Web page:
What may be the ultimate heat sink is only possible because of yet another astounding capability of graphene. The one-atom-thick form of carbon can act as a go-between that allows vertically aligned carbon nanotubes to grow on nearly anything.
That includes diamonds. A diamond film/graphene/nanotube structure was one result of new research carried out by scientists at Rice University and the Honda Research Institute USA, reported today in Nature’s online journal Scientific Reports.
The heart of the research is the revelation that when graphene is used as a middleman, surfaces considered unusable as substrates for carbon nanotube growth now have the potential to do so. Diamond happens to be a good example, according to Rice materials scientist Pulickel Ajayan and Honda chief scientist Avetik Harutyunyan.
Diamond conducts heat very well, five times better than copper. But its available surface area is very low. By its very nature, one-atom-thick graphene is all surface area. The same could be said of carbon nanotubes, which are basically rolled-up tubes of graphene. A vertically aligned forest of carbon nanotubes grown on diamond would disperse heat like a traditional heat sink, but with millions of fins. Such an ultrathin array could save space in small microprocessor-based devices.
“Further work along these lines could produce such structures as patterned nanotube arrays on diamond that could be utilized in electronic devices,” Ajayan said. Graphene and metallic nanotubes are also highly conductive; in combination with metallic substrates, they may also have uses in advanced electronics, he said.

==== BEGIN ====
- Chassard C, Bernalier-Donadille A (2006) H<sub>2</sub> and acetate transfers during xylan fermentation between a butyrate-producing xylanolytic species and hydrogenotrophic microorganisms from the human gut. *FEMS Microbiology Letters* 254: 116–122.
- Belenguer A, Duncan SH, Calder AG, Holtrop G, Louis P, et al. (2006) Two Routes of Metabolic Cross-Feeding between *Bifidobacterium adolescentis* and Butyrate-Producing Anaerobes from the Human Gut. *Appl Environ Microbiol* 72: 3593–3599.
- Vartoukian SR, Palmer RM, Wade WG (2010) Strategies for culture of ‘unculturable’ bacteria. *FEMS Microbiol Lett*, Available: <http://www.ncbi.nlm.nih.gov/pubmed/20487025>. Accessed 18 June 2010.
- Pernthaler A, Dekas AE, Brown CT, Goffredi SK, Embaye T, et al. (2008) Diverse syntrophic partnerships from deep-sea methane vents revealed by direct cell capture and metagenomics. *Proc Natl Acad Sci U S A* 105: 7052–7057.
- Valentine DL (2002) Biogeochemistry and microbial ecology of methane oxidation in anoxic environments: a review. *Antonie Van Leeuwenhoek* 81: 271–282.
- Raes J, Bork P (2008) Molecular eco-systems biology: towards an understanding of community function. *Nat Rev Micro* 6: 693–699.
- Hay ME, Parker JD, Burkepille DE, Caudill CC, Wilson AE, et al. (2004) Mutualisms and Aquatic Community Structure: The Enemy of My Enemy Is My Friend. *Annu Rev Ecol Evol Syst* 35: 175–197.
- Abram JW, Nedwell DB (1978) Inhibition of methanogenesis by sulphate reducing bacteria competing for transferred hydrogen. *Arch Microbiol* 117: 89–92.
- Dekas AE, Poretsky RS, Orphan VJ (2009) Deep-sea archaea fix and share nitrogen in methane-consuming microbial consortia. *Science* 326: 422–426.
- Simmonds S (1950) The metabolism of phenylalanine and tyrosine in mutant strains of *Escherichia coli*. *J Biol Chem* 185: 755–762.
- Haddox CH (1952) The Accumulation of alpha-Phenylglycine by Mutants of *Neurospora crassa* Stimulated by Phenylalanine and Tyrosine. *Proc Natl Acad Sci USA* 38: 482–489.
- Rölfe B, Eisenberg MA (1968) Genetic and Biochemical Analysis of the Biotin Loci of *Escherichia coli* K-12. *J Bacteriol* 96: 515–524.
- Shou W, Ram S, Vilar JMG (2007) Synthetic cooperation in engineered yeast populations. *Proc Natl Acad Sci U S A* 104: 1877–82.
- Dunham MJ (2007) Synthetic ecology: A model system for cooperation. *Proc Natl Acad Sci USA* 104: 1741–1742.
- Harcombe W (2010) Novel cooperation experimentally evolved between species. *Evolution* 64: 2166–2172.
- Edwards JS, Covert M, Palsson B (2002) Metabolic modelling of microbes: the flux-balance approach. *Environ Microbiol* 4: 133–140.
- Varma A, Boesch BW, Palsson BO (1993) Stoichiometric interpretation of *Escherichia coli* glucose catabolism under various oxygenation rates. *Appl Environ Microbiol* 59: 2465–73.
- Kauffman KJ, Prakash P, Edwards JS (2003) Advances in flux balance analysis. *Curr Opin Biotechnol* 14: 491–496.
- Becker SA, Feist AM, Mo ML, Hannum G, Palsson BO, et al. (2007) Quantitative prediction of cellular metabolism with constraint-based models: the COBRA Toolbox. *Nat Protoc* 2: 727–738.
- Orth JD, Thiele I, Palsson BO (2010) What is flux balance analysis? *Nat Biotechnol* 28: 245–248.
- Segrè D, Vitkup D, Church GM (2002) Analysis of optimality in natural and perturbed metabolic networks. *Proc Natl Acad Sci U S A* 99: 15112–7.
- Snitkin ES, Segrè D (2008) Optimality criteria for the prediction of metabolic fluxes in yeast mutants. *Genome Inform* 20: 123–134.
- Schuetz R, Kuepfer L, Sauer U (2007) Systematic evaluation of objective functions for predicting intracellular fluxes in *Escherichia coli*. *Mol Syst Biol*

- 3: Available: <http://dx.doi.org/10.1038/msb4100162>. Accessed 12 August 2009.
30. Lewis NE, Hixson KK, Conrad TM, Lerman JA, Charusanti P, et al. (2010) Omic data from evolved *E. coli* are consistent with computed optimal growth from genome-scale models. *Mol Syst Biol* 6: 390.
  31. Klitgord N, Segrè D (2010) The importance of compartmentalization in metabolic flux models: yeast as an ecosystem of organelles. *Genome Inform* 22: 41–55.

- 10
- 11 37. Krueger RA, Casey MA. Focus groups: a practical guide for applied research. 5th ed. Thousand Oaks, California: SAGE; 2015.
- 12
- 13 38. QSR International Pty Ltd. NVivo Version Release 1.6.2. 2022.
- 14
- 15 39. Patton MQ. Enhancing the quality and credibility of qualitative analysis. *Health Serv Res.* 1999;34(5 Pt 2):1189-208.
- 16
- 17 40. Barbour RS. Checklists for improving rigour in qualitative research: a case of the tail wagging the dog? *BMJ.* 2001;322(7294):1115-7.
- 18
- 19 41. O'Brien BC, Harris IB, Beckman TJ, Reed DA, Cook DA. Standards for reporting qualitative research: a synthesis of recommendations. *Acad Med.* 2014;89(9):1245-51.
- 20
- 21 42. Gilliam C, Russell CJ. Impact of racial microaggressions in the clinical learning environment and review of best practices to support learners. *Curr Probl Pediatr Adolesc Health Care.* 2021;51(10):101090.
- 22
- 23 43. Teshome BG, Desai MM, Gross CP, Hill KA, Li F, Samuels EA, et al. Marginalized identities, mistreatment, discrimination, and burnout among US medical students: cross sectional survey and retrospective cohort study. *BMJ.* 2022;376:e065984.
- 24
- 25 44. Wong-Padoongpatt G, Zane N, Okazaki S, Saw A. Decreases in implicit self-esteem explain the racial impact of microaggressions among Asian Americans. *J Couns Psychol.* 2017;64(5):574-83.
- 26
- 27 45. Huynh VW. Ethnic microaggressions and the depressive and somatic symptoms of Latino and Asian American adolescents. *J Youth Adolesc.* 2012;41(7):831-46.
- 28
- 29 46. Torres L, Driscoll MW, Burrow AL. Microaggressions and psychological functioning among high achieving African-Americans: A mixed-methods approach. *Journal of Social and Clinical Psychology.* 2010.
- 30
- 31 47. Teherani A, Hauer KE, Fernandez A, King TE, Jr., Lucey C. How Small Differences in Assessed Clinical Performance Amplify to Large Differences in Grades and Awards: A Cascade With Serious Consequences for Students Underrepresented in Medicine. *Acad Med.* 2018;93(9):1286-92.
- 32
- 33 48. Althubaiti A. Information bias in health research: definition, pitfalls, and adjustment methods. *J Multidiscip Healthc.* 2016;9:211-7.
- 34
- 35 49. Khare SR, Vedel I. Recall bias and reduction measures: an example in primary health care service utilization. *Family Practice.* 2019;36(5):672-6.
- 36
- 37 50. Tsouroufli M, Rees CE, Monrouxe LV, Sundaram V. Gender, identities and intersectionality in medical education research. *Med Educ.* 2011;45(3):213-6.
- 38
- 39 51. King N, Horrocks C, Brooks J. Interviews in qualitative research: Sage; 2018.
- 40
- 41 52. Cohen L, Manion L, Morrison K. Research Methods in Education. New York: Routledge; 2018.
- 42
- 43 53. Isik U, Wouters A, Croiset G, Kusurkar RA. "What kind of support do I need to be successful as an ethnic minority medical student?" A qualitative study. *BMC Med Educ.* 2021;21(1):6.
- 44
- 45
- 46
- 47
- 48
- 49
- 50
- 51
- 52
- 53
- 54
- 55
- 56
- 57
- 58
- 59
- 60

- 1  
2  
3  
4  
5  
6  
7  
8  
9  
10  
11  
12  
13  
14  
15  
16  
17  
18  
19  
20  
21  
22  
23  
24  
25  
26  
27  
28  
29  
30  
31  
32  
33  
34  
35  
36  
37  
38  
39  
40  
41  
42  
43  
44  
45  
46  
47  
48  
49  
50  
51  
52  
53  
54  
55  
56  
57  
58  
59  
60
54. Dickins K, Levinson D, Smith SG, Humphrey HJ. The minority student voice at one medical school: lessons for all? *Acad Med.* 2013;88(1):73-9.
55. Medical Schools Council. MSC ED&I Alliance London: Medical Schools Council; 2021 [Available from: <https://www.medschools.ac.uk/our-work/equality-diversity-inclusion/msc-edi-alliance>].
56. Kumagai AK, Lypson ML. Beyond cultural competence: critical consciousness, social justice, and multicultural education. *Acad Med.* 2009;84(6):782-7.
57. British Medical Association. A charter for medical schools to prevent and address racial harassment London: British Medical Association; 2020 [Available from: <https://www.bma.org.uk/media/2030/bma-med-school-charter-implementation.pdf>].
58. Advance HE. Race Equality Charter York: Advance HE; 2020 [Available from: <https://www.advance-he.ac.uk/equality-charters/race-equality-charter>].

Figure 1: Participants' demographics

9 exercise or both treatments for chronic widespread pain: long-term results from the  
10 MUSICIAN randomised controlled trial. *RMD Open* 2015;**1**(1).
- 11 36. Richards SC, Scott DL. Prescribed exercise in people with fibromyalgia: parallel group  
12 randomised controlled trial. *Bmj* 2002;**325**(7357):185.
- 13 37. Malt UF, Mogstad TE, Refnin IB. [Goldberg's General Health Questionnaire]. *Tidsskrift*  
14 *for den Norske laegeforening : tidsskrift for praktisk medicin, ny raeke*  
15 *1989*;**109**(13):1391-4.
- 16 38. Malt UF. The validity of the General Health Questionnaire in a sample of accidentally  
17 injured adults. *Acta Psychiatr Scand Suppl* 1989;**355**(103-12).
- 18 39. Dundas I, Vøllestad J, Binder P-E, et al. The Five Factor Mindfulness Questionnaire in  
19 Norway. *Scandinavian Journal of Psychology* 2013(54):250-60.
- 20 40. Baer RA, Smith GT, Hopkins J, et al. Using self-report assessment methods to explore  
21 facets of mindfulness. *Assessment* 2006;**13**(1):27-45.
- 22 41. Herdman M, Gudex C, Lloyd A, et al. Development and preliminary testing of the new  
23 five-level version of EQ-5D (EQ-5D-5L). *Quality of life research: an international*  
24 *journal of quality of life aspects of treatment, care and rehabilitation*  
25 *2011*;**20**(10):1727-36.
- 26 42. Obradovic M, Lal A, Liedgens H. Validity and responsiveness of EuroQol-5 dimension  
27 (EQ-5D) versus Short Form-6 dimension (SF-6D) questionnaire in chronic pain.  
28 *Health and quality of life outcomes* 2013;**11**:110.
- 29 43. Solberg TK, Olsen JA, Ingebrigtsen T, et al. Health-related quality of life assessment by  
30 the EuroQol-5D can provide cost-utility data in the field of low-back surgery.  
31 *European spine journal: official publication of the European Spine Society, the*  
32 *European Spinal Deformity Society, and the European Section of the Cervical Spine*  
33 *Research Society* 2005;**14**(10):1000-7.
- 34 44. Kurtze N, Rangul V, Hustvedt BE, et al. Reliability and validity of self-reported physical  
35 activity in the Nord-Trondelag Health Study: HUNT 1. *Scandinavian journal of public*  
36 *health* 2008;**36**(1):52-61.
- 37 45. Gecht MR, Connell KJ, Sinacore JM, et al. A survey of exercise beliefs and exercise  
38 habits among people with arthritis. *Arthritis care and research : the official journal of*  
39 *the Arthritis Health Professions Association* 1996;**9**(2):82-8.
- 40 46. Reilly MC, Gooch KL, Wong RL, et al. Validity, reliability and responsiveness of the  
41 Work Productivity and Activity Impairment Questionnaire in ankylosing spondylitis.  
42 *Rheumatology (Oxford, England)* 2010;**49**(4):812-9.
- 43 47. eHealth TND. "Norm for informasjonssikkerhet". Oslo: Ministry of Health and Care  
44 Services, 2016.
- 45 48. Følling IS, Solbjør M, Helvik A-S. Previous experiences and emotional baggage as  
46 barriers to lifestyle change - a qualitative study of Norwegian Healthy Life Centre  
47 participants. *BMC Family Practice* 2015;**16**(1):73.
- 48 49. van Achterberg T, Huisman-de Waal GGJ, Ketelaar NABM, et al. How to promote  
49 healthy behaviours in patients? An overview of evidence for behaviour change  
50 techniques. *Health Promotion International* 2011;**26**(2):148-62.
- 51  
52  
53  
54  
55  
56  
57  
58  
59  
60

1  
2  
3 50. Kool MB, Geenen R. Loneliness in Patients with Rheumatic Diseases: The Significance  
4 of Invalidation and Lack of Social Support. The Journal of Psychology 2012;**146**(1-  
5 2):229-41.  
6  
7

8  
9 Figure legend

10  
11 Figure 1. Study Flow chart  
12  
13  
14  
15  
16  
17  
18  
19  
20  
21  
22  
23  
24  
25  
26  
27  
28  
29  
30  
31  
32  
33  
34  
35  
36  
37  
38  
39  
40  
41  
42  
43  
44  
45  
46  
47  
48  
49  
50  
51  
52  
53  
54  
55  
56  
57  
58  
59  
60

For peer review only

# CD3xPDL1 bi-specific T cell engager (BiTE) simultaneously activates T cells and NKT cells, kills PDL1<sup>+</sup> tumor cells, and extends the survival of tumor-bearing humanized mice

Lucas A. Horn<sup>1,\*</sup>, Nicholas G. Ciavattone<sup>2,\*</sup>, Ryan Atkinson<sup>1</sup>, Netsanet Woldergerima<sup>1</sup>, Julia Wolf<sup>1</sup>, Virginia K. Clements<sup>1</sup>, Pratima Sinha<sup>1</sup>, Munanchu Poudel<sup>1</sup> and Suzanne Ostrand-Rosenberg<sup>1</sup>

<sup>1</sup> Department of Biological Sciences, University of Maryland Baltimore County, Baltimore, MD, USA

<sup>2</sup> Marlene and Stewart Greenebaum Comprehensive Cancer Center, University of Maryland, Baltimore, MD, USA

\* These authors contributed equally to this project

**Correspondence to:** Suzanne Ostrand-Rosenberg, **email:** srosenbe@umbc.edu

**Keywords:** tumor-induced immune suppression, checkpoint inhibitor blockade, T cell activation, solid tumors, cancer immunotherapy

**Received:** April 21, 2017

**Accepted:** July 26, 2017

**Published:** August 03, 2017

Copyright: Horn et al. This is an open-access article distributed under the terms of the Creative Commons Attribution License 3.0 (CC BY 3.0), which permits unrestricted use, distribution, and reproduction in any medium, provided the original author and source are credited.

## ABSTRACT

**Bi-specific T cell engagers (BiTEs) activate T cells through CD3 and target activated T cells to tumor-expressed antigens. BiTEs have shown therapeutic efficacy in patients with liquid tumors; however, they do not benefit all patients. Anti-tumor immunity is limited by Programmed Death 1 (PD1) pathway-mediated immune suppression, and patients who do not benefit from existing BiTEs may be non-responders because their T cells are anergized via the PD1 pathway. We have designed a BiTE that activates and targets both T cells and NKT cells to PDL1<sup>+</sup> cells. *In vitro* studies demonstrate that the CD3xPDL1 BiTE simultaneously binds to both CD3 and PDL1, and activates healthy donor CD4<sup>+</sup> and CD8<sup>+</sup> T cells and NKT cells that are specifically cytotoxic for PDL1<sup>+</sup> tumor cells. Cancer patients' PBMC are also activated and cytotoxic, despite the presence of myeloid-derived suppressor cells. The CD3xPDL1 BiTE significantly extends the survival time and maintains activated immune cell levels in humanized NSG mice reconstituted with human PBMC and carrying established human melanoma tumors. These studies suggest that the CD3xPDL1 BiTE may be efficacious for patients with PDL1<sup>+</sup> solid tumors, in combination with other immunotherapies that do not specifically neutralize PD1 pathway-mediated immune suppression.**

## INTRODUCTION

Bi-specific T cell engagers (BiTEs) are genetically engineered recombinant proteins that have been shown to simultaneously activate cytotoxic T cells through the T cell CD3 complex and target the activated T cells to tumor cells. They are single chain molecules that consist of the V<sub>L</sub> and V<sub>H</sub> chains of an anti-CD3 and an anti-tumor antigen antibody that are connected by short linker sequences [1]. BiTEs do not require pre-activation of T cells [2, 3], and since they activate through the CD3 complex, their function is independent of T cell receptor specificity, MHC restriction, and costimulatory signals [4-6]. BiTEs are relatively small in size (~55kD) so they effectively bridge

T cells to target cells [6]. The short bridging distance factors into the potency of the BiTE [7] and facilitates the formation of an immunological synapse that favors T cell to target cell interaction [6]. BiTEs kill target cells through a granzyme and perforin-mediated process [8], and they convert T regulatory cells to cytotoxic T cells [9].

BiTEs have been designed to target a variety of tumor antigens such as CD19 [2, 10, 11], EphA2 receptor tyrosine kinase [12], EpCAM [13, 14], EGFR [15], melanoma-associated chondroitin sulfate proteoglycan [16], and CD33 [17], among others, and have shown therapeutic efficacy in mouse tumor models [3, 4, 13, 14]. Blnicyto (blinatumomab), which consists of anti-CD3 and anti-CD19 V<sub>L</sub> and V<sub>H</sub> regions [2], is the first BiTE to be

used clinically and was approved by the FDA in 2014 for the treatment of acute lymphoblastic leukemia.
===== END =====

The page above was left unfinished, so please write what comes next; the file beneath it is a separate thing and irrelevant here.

To test their ideas, the Honda team grew various types of graphene on copper foil by standard chemical vapor deposition. They then transferred the tiny graphene sheets to diamond, quartz and other metals for further study by the Rice team.
They found that only single-layer graphene worked well, and sheets with ripples or wrinkles worked best. The defects appeared to capture and hold the airborne iron-based catalyst particles from which the nanotubes grow. The researchers think graphene facilitates nanotube growth by keeping the catalyst particles from clumping.
Ajayan thinks the extreme thinness of graphene does the trick. In a previous study, the Rice lab found graphene shows materials coated with graphene can get wet, but the graphene provides protection against oxidation. “That might be one of the big things about graphene, that you can have a noninvasive coating that keeps the property of the substrate but adds value,” he said. “Here it allows the catalytic activity but stops the catalyst from aggregating.”
Testing found that the graphene layer remains intact between the nanotube forest and the diamond or other substrate. On a metallic substrate like copper, the entire hybrid is highly conductive.
Such seamless integration through the graphene interface would provide low-contact resistance between current collectors and the active materials of electrochemical cells, a remarkable step toward building high-power energy devices, said Rice research scientist and co-author Leela Mohana Reddy Arava.
Co-authors of the study are Honda senior scientists Rahul Rao and Gugang Chen; Rice graduate student Kaushik Kalaga; Masahiro Ishigami, an assistant professor of physics at the University of Central Florida; and Tony Heinz, the D.M. Rickey Professor of Physics at Columbia University. Ajayan is the Benjamin M. and Mary Greenwood Anderson Professor in Mechanical Engineering and Materials Science and of chemistry at Rice.